Wild-turkey comeback means more human-critter confrontations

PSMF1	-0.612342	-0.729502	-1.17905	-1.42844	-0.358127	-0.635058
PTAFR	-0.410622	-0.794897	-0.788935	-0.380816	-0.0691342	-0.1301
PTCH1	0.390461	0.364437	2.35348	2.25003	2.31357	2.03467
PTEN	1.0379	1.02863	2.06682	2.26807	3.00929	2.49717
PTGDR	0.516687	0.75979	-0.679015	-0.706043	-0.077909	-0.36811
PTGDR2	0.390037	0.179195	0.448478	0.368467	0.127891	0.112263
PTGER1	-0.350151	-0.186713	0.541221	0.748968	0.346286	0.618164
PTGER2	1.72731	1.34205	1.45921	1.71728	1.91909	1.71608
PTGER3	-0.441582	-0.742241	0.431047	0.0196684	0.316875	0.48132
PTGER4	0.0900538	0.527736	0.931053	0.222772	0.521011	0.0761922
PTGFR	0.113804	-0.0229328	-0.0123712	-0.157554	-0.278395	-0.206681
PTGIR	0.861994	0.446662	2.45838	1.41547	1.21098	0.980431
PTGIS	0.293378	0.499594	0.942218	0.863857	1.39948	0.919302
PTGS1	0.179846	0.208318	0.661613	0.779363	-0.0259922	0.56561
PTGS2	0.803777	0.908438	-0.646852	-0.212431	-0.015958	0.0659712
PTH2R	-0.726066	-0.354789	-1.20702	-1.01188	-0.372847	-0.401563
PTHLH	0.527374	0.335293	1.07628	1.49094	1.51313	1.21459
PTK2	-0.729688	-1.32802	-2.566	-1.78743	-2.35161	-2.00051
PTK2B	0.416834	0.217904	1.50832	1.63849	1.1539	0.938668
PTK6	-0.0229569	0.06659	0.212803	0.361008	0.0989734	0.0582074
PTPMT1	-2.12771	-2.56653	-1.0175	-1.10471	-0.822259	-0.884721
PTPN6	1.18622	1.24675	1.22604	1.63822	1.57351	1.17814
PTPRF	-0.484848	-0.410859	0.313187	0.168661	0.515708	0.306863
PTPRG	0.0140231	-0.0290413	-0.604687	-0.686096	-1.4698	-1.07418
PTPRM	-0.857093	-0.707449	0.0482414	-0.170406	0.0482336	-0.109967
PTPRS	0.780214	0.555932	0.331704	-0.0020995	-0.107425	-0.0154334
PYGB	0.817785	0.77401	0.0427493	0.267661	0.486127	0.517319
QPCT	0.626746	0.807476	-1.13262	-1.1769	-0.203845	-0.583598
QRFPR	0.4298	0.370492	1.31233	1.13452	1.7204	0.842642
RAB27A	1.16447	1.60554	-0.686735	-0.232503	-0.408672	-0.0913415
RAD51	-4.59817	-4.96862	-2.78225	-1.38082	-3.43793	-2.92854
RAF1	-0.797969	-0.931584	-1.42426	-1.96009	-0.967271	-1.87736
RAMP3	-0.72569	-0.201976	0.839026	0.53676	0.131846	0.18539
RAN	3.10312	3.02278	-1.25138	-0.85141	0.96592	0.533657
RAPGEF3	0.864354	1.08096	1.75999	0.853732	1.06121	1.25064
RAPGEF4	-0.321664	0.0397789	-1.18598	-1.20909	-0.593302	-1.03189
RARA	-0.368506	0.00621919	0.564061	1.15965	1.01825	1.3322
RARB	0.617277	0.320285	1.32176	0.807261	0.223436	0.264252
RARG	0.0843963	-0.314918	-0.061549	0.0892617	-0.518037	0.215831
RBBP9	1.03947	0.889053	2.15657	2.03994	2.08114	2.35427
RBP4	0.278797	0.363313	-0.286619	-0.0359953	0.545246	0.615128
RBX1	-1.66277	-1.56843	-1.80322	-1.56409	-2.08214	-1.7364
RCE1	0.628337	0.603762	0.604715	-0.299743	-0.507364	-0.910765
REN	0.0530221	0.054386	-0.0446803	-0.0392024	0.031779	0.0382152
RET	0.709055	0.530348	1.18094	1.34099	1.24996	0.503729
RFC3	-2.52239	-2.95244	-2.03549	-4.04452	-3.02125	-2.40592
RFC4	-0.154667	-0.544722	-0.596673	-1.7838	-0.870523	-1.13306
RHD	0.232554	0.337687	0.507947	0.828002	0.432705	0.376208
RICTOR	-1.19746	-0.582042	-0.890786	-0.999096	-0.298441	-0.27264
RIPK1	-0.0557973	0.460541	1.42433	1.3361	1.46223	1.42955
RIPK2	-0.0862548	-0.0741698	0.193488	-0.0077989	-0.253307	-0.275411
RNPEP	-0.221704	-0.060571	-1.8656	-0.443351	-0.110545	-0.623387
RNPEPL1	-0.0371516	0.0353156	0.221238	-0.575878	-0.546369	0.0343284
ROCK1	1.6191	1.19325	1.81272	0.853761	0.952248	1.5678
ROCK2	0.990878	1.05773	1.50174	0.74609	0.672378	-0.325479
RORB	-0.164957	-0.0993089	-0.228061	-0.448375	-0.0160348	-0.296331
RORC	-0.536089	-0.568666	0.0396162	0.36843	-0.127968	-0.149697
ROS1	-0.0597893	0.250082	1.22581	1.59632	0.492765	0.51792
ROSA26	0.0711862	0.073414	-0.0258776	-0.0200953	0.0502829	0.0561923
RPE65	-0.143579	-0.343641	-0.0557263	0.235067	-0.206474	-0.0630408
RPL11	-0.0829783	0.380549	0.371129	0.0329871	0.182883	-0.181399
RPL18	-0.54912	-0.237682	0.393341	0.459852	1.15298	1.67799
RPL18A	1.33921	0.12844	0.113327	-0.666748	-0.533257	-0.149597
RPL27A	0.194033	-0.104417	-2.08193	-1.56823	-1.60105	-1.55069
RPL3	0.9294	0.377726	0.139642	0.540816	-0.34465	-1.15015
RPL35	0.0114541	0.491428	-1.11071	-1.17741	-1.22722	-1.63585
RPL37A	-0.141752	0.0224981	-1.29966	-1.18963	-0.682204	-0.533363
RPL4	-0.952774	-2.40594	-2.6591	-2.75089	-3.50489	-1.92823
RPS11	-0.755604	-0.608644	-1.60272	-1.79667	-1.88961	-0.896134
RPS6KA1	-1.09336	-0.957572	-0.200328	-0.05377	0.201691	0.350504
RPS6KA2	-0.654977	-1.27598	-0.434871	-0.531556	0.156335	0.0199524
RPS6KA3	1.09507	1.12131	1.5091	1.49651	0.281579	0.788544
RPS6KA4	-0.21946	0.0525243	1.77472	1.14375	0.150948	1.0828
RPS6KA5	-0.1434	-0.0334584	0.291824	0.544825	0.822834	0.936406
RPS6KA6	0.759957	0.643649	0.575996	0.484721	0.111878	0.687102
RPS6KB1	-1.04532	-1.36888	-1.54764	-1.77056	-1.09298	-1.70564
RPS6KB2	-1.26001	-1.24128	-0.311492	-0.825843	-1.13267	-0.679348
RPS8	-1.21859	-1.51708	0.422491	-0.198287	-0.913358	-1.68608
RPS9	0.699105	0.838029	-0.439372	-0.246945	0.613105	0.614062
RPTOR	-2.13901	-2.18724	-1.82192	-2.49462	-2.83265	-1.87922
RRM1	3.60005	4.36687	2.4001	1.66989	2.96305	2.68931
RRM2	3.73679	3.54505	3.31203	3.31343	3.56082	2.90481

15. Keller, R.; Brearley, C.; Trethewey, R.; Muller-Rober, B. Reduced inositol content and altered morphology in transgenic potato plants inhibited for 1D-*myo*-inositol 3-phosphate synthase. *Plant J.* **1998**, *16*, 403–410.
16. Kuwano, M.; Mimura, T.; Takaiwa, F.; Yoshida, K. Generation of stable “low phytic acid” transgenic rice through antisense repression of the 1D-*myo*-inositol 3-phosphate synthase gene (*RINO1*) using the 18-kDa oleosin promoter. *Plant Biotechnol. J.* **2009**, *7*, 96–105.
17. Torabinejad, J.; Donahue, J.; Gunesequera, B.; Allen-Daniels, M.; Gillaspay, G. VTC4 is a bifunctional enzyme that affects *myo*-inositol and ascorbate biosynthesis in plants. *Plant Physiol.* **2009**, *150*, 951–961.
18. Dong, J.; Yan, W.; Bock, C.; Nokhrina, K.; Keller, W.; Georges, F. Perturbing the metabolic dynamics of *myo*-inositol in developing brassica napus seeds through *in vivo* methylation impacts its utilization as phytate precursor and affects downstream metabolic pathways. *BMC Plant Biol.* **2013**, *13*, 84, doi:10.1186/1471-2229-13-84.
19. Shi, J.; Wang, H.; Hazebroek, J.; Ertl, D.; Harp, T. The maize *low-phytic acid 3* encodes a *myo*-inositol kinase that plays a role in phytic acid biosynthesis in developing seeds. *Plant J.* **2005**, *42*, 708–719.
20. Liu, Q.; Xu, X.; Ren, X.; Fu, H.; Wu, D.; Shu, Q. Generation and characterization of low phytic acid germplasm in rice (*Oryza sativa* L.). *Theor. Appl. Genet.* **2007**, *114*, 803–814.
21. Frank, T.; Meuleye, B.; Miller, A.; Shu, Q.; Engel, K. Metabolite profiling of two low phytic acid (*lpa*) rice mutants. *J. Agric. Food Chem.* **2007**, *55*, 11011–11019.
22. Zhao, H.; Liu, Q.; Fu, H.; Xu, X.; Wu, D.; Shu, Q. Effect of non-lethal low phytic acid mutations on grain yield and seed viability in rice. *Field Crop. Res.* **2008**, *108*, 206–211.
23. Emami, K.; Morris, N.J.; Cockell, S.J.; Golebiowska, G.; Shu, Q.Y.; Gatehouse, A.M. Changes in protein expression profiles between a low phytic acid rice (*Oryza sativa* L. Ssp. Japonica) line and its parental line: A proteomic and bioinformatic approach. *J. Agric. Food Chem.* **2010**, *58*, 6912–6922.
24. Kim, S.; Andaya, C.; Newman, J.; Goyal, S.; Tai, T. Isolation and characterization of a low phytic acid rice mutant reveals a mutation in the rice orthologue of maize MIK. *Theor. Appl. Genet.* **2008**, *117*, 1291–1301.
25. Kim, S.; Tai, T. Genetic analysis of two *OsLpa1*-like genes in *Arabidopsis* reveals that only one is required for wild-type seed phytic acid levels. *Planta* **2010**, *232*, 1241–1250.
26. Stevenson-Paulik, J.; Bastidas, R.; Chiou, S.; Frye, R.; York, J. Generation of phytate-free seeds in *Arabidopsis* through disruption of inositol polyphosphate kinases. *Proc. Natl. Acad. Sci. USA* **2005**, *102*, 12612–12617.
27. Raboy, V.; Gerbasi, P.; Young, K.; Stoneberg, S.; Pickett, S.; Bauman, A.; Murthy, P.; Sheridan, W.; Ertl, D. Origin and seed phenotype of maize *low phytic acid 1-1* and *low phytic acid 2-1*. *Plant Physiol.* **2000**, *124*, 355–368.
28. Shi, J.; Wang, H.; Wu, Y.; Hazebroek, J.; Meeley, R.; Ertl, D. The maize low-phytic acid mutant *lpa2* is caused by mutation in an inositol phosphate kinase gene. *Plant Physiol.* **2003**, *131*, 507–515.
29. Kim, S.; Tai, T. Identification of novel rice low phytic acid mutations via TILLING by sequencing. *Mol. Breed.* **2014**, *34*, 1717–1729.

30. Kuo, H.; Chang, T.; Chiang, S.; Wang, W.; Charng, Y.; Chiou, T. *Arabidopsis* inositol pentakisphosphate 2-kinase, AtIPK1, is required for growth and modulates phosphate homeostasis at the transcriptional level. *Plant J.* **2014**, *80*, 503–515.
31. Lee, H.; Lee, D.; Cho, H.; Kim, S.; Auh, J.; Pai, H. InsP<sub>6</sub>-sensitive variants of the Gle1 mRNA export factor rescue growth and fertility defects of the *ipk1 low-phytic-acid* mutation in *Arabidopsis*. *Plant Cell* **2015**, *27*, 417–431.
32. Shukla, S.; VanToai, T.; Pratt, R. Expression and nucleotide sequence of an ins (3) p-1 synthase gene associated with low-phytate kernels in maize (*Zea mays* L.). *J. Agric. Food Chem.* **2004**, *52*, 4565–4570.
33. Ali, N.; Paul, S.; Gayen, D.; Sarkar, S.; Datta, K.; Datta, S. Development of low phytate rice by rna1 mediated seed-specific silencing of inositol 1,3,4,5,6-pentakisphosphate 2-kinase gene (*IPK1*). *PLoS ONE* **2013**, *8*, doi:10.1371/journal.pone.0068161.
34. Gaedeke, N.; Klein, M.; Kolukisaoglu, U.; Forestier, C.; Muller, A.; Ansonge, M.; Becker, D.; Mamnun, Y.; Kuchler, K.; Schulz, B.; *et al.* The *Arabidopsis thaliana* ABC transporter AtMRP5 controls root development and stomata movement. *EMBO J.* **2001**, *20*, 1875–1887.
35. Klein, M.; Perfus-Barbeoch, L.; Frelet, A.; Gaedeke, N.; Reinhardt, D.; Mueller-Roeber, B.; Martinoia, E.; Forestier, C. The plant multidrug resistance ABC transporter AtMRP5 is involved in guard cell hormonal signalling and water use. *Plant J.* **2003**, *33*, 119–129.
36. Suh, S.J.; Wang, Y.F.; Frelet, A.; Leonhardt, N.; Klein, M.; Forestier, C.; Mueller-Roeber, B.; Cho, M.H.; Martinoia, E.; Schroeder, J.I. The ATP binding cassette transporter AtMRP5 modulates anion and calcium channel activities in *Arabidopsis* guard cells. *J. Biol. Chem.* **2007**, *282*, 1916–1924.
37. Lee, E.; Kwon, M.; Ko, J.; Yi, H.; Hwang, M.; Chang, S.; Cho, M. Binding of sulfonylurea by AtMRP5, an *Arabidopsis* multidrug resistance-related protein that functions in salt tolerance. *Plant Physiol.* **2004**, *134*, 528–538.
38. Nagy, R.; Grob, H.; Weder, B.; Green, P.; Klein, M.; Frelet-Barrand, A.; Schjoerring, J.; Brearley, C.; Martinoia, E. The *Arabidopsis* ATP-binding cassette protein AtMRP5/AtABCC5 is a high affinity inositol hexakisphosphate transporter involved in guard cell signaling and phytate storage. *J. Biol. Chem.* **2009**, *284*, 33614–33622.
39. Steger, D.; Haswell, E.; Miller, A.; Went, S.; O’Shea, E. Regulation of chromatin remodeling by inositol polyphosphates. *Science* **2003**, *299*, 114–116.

As Thanksgiving approaches, we offer this warning: The turkeys are back, and they’re not happy. From its nadir of perhaps 30,000 around 1900, the U.S. wild-turkey population has gobbled all the way up to about 7 million today. But this conservation success story has sharply increased confrontations between territorial wild birds and anxious suburbanites, who share habitat along the fringes of undeveloped lands. The be-wattled birds, which can stand four feet tall and boast a five-foot wingspan, are chasing joggers, harassing backpack-laden school kids, and roosting in trees along traffic-heavy routes. “There’s a point where nature and people can’t live in harmony,” says one mom from Dover, Mass. — anonymously, for fear of retaliation from the town’s bird fans. But though there is “an element of absurdity that keeps [turkeys] out of the adorable deer and bunny category,” says turkey champion and author Hannah Holmes, the gobblers’ return is “still a little awe-inspiring to see.”